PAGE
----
One of the most interesting points of the sports car is its two tone paint job, which is in place to balance the volumes of the vehicle, as well as to conceal the air intakes and leave the rest of the body free of any other alterations, so that the lines are able to flow uninterrupted and the premier paint to stand out. The bonnet, the suspended front bumper, the rear diffuser as well as the A-pillars and part of the vehicle’s side are painted in a matte shade of black. As an additional element, the headlamps are joined by a black strip, creating a very curious visual effect.

Pininfarina Ferrari SergioBuilt as a pure open-top sports car, there is no cupola of any kind. Instead, the windscreen and the uniquely shaped rollbars create a stunning visual effect. The rollbars themselves are separated from the seats, merging with the slender flying buttress. A modern reinterpretation of a Gothic architecture element, the flying buttress is a design element used by the Prancing Horse for models such as the Dino or the 599 GTB/GTO. Present here in a more back-to-the-roots form, it incorporates both the air extractors for the gearbox oil and clutch cooling and the rollbars, but in addition it acts as a downforce generator, creating a giant spoiler effect.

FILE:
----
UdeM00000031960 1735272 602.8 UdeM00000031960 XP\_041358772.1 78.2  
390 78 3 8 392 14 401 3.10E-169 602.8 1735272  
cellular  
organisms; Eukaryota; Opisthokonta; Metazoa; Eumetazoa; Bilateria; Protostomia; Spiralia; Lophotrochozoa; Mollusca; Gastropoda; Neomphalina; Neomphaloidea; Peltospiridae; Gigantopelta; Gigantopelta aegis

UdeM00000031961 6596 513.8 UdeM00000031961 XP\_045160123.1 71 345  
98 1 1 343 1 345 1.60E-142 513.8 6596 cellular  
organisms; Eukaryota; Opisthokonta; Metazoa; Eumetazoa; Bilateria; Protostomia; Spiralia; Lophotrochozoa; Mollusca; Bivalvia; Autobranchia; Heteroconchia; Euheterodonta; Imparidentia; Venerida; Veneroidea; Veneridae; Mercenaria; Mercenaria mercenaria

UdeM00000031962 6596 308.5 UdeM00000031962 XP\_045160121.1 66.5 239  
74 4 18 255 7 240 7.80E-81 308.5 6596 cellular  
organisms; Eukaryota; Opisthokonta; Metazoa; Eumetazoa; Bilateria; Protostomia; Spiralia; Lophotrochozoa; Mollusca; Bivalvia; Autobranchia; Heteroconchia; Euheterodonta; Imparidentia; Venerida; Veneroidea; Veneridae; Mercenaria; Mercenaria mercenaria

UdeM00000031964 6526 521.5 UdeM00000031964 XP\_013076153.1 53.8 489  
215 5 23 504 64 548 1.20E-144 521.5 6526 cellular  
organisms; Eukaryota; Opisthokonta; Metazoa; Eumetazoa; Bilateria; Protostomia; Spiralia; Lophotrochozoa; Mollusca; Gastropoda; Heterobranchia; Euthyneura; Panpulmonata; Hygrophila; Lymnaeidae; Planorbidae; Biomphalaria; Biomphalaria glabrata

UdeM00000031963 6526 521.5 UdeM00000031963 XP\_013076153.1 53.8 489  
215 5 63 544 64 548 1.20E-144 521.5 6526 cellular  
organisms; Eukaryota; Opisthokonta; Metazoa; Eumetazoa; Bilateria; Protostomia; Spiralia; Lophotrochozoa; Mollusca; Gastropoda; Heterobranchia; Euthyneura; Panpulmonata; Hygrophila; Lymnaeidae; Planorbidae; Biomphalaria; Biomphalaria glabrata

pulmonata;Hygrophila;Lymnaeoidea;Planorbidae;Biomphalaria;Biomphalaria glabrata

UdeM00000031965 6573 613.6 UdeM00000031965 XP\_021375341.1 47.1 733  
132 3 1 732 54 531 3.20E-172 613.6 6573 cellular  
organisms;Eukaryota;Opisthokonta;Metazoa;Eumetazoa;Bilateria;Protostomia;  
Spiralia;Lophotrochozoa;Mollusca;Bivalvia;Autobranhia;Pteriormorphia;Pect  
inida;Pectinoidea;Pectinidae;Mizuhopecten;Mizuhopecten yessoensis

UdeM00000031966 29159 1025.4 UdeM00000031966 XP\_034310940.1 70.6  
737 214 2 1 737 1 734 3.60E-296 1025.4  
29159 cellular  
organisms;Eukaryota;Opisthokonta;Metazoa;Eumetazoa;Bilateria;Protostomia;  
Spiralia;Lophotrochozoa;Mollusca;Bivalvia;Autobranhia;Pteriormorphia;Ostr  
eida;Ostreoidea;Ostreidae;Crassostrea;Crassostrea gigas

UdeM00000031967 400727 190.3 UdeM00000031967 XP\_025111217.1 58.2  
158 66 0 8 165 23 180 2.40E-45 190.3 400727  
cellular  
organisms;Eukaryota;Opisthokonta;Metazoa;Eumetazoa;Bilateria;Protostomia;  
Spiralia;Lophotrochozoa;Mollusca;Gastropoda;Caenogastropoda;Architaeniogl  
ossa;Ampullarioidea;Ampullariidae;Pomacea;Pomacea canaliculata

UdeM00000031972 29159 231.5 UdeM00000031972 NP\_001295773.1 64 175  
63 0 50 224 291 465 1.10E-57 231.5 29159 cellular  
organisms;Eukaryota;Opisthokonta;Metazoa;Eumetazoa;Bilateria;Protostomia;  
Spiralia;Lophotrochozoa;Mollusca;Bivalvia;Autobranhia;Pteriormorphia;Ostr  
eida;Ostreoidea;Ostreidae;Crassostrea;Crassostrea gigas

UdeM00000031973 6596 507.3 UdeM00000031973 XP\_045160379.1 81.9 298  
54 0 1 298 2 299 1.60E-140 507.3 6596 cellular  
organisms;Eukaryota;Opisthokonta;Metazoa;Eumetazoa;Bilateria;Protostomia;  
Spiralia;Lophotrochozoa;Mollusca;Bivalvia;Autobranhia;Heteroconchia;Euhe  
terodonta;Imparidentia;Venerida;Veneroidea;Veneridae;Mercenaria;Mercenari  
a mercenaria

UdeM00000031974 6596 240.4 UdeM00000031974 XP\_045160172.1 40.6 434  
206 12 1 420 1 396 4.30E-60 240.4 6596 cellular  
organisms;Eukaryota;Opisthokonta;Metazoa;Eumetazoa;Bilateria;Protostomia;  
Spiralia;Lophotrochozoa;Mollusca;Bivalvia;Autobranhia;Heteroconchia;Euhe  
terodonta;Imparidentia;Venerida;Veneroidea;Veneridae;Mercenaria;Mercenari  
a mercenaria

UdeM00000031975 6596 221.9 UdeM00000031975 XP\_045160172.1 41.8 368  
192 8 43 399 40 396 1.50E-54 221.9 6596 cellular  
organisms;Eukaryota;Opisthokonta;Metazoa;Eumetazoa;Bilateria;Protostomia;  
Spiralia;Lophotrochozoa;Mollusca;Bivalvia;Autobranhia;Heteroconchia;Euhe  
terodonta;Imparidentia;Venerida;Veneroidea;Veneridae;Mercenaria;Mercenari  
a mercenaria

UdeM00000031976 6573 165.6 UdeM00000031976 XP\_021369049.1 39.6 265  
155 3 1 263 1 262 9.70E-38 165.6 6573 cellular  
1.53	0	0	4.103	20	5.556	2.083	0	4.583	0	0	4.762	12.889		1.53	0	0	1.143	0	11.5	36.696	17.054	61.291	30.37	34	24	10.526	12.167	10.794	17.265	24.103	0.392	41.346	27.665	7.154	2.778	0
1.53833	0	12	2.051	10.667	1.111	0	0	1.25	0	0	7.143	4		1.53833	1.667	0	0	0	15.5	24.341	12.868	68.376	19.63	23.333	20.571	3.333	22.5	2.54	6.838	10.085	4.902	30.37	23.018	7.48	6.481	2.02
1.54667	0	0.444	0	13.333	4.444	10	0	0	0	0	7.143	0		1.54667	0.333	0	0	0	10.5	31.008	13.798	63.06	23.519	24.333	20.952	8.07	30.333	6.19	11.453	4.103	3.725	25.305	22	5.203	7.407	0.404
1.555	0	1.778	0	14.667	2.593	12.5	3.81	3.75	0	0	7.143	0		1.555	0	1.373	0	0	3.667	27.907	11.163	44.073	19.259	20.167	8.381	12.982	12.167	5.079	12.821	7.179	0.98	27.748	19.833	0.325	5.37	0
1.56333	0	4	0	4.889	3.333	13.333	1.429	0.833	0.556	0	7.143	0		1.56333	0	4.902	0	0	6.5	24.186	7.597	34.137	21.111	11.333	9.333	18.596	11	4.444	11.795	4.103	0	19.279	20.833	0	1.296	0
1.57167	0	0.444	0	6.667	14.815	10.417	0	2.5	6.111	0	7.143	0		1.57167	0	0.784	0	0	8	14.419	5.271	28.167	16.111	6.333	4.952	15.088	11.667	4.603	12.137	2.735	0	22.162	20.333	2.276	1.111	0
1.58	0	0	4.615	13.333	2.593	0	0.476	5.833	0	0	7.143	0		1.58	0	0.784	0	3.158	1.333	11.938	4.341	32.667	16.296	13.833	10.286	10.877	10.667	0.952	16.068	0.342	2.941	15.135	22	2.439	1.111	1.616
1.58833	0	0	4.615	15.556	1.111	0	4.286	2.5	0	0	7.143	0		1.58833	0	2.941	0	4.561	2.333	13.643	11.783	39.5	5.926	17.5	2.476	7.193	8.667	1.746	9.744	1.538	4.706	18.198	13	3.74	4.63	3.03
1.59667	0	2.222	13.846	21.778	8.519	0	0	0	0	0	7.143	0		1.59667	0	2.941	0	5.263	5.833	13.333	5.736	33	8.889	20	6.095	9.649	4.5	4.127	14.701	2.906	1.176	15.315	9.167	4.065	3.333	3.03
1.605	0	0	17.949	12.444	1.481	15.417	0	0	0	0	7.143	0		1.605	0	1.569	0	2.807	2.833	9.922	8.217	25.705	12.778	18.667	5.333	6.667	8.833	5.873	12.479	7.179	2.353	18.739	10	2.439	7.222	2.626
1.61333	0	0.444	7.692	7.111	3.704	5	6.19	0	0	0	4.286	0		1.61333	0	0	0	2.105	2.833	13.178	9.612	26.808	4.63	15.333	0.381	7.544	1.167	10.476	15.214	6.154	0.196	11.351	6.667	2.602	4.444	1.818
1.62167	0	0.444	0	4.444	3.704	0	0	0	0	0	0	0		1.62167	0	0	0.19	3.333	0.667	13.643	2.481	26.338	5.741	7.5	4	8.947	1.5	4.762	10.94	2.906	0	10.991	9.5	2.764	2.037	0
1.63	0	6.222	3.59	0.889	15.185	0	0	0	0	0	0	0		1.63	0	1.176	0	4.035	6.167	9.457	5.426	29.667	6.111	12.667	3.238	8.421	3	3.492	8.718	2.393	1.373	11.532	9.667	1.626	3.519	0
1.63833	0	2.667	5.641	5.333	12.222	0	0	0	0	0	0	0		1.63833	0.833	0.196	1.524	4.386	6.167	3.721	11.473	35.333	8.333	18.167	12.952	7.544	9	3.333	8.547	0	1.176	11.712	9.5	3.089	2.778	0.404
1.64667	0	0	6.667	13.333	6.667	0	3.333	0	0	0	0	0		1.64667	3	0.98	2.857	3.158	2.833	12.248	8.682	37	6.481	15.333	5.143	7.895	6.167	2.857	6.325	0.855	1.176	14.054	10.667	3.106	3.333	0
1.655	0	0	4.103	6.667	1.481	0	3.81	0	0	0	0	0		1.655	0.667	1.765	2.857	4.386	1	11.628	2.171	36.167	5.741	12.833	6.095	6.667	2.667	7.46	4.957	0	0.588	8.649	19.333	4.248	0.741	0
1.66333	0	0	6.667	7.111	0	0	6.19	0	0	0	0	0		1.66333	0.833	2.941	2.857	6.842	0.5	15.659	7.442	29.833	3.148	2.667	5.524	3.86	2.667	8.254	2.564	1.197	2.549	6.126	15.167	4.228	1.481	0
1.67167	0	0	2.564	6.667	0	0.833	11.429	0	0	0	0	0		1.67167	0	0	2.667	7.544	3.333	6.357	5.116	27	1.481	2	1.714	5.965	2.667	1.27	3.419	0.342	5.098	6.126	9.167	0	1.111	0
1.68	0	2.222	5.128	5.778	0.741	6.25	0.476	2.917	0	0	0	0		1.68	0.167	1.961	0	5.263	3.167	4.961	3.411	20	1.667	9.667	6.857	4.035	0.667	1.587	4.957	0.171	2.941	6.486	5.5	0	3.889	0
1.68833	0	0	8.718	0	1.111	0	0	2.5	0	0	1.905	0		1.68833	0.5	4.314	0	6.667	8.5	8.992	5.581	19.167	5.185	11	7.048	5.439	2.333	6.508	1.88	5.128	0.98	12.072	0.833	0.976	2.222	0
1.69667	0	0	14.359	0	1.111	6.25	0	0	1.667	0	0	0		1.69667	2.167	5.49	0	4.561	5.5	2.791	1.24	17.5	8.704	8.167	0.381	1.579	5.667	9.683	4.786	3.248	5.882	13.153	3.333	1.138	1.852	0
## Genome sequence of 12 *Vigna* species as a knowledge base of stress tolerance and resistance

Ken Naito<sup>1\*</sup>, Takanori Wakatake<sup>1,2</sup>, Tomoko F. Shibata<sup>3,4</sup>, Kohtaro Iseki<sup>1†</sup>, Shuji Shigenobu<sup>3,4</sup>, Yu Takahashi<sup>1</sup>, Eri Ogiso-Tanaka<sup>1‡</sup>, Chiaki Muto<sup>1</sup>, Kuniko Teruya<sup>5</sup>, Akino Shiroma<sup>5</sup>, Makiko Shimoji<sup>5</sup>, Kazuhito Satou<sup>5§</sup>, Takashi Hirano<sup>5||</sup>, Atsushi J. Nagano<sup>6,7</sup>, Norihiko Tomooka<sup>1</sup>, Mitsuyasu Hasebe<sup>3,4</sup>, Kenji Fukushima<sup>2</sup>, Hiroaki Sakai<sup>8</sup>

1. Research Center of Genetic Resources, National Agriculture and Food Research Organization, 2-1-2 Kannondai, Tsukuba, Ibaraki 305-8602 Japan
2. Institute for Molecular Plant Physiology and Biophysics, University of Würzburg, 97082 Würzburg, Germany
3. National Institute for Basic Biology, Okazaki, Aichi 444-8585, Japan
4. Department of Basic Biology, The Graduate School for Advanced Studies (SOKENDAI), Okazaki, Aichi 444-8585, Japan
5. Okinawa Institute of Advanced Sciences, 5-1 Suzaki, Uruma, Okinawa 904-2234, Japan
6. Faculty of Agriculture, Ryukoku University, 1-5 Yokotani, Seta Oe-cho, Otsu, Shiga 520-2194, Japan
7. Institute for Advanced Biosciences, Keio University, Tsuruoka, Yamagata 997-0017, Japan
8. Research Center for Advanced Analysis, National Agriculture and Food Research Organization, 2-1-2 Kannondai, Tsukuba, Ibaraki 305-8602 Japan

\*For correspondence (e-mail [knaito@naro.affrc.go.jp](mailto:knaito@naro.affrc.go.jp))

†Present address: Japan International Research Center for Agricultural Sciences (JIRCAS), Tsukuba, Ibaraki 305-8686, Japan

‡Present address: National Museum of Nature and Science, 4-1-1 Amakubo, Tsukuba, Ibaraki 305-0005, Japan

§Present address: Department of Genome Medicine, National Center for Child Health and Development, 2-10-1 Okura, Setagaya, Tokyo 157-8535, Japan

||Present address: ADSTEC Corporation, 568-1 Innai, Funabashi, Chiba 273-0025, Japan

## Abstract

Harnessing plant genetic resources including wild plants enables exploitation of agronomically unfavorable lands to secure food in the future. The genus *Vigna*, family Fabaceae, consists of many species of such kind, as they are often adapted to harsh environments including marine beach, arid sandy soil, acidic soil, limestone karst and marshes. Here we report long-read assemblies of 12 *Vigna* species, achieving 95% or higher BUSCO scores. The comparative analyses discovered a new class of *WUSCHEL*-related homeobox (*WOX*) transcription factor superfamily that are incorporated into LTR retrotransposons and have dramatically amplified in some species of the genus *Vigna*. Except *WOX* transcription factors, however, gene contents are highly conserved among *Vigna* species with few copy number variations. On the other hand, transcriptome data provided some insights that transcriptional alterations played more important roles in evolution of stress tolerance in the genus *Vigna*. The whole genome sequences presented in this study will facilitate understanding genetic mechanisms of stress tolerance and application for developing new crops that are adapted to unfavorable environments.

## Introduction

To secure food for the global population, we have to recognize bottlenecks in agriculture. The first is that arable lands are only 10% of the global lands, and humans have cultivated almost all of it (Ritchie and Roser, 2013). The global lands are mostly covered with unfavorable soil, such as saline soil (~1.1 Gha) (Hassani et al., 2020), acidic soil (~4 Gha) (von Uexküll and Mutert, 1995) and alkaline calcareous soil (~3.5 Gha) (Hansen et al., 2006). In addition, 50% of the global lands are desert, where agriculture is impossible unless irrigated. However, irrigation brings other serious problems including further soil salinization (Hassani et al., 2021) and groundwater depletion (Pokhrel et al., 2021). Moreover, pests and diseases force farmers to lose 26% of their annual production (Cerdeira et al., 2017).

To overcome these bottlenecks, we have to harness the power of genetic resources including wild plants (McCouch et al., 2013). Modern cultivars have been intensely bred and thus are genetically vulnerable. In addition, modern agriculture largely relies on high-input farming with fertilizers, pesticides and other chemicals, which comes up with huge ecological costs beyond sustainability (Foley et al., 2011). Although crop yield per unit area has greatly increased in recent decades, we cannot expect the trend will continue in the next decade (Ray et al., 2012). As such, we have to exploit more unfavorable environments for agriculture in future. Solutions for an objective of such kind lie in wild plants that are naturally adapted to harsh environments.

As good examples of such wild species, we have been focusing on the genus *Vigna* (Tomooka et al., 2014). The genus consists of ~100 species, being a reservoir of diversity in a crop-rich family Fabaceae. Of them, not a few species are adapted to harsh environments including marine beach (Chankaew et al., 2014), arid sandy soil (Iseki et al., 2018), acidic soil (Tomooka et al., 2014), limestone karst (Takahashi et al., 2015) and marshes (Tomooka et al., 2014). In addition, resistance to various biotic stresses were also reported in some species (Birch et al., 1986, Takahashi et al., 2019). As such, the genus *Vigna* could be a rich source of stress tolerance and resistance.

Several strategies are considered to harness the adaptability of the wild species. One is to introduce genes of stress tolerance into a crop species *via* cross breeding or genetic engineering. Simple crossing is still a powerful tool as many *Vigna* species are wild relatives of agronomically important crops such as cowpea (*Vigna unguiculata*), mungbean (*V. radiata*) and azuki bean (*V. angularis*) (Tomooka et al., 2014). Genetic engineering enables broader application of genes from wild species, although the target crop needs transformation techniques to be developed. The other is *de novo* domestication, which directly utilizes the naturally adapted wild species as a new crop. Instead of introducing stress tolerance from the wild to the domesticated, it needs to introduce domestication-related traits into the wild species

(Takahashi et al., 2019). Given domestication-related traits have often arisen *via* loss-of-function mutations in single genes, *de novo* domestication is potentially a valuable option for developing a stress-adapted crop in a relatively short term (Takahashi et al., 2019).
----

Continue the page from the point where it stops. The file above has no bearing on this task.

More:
The rear, although it takes a retro form, reminds us of the 458 Spider and the Speciale, but also of the 488GTB, the upcoming entry level Ferrari, whose rear end features heavy influence from the Pininfarina Ferrari Sergio. With a massive air diffuser, two blacked out exhaust tips and a subtle spoiler placed between the two circular rear lamps, the Sergio’s connection to the 458 is all the more evident, underlining its performance oriented character.

 

Pininfarina Ferrari Sergio – 5 Point Car Review